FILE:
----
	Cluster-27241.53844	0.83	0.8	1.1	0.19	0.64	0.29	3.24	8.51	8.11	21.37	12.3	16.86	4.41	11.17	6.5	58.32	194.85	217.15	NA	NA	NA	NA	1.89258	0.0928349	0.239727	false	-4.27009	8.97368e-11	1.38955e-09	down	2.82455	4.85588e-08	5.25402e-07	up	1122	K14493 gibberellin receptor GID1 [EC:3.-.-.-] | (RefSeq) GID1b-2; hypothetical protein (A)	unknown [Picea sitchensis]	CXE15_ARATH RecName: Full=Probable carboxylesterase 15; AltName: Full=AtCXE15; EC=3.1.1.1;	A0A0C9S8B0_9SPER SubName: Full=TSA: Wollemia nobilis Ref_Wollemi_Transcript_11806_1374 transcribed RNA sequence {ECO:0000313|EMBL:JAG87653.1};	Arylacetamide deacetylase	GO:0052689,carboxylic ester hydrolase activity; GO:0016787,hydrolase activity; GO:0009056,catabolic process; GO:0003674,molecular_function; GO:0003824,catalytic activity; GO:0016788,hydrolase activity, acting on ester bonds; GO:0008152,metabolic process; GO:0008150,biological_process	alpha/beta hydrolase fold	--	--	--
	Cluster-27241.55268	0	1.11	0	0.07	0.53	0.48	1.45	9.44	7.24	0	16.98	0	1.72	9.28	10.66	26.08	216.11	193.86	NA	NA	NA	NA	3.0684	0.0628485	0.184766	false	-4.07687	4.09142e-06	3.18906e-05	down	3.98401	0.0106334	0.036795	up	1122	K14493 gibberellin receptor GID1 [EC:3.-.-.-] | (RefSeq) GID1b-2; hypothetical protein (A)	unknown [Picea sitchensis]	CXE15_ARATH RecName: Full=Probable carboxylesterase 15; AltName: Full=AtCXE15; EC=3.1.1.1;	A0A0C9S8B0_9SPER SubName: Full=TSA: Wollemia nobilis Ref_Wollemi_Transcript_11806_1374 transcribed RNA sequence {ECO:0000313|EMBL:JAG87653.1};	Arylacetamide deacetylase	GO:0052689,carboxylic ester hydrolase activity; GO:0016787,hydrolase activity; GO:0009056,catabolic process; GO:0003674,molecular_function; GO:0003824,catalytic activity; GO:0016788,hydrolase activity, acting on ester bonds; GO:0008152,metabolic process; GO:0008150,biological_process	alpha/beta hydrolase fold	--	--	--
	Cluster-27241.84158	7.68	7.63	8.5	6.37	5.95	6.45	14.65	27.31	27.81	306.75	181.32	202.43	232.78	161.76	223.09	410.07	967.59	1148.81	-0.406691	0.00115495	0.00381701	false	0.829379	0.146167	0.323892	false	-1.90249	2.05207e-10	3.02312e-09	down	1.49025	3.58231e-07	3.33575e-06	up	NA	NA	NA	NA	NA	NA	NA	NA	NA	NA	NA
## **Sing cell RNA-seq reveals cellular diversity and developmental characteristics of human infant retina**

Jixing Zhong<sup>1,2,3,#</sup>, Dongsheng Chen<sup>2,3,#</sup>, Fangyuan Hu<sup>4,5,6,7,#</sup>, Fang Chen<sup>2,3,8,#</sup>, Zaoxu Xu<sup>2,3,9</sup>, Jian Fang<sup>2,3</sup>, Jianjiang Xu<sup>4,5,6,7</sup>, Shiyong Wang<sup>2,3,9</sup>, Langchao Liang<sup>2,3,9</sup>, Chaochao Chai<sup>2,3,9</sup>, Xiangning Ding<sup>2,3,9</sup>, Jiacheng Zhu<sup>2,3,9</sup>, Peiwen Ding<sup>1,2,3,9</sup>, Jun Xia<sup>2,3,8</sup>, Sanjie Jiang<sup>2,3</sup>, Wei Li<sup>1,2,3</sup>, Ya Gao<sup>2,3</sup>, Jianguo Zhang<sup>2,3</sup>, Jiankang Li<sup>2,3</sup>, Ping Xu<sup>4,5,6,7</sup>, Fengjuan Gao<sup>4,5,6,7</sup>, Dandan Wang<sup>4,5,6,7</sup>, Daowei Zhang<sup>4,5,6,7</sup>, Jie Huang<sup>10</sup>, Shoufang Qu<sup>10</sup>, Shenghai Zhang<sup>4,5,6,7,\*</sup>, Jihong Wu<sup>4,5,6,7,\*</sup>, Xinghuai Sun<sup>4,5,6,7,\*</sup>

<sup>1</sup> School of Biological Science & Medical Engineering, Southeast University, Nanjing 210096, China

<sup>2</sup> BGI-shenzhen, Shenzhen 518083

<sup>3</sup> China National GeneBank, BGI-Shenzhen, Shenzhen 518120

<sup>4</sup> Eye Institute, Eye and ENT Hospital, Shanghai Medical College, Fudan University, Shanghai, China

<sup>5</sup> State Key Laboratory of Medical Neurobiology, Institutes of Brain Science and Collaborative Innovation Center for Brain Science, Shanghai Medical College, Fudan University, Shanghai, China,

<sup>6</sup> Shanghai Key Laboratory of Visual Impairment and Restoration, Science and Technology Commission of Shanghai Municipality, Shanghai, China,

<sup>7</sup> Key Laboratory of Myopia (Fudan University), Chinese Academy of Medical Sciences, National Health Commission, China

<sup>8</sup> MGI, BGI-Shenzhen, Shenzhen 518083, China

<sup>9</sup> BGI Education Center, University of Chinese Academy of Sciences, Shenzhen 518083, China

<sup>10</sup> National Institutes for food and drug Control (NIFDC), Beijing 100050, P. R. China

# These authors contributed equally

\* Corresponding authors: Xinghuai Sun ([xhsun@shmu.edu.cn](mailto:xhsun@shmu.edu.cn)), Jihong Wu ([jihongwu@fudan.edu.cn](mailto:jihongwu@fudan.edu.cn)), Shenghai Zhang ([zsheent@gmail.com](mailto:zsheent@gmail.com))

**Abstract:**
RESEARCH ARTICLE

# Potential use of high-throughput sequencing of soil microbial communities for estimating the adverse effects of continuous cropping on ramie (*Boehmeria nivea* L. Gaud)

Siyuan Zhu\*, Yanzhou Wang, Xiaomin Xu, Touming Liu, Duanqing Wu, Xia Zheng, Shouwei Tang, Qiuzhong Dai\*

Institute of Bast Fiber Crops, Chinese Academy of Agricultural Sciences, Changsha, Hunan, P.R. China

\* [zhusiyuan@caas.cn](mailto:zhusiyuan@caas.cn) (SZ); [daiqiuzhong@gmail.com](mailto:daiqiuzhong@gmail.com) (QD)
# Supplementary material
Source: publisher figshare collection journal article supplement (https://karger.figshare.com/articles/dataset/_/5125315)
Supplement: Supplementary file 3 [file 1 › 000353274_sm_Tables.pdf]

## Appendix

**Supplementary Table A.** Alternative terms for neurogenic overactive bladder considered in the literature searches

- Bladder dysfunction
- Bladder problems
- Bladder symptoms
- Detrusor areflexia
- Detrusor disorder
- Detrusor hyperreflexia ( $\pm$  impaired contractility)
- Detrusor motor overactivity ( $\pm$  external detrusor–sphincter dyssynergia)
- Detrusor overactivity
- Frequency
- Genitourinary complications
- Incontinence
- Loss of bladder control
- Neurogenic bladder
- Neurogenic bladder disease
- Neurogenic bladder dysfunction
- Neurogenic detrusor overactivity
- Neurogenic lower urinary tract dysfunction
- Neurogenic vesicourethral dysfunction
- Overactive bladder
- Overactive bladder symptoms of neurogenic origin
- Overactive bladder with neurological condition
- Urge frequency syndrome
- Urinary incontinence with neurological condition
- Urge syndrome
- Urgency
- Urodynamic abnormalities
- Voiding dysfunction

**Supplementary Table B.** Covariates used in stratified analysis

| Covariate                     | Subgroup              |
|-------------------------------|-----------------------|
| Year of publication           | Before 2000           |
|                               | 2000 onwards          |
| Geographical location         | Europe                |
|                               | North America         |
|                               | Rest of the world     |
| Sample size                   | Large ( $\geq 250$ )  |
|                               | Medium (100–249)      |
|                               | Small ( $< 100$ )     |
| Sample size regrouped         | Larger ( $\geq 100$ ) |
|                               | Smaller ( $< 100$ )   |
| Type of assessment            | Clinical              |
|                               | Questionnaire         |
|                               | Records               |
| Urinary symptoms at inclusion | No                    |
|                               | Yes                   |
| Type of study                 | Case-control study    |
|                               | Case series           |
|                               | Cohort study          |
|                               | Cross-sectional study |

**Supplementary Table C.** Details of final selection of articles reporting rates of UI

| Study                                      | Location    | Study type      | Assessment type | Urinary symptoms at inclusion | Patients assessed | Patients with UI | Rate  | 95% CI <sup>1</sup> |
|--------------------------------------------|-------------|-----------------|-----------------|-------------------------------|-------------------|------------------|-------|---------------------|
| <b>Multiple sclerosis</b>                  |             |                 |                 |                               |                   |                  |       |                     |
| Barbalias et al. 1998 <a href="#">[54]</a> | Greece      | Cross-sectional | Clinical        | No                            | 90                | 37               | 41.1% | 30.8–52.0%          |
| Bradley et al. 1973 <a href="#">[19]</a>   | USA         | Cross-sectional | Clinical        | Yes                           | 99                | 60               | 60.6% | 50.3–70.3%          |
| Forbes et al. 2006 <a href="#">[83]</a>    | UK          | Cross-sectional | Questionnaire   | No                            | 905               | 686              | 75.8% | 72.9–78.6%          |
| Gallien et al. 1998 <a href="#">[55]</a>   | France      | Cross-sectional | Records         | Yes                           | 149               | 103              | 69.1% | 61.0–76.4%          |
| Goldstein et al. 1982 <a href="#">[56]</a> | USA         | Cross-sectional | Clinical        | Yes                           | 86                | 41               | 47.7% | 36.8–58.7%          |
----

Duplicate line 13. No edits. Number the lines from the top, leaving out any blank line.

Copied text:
<sup>8</sup> MGI, BGI-Shenzhen, Shenzhen 518083, China